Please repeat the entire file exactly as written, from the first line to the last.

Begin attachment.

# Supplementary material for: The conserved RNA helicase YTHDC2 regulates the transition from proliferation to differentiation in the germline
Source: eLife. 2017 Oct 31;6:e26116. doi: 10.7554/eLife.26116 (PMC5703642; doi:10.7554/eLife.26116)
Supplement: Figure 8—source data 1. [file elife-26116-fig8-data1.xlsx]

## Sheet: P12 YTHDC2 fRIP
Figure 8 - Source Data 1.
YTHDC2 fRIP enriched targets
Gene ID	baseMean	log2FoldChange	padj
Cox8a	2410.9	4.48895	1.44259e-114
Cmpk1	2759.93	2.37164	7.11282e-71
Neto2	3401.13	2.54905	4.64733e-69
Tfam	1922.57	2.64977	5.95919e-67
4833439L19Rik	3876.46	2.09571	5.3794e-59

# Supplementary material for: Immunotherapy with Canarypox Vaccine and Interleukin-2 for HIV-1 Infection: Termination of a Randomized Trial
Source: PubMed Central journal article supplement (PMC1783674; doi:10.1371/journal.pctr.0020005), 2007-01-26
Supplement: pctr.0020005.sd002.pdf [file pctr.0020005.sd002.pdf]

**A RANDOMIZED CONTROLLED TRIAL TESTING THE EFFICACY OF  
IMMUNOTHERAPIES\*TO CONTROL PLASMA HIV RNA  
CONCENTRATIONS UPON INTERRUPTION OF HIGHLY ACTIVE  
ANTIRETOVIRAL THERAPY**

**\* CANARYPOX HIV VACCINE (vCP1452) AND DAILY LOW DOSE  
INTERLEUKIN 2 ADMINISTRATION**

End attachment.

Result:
# Supplementary material for: The conserved RNA helicase YTHDC2 regulates the transition from proliferation to differentiation in the germline
Source: eLife. 2017 Oct 31;6:e26116. doi: 10.7554/eLife.26116 (PMC5703642; doi:10.7554/eLife.26116)
Supplement: Figure 8—source data 1. [file elife-26116-fig8-data1.xlsx]

## Sheet: P12 YTHDC2 fRIP
Figure 8 - Source Data 1.
YTHDC2 fRIP enriched targets
Gene ID	baseMean	log2FoldChange	padj
Cox8a	2410.9	4.48895	1.44259e-114
Cmpk1	2759.93	2.37164	7.11282e-71
Neto2	3401.13	2.54905	4.64733e-69
Tfam	1922.57	2.64977	5.95919e-67
4833439L19Rik	3876.46	2.09571	5.3794e-59

# Supplementary material for: Immunotherapy with Canarypox Vaccine and Interleukin-2 for HIV-1 Infection: Termination of a Randomized Trial
Source: PubMed Central journal article supplement (PMC1783674; doi:10.1371/journal.pctr.0020005), 2007-01-26
Supplement: pctr.0020005.sd002.pdf [file pctr.0020005.sd002.pdf]

**A RANDOMIZED CONTROLLED TRIAL TESTING THE EFFICACY OF  
IMMUNOTHERAPIES\*TO CONTROL PLASMA HIV RNA  
CONCENTRATIONS UPON INTERRUPTION OF HIGHLY ACTIVE  
ANTIRETOVIRAL THERAPY**

**\* CANARYPOX HIV VACCINE (vCP1452) AND DAILY LOW DOSE  
INTERLEUKIN 2 ADMINISTRATION**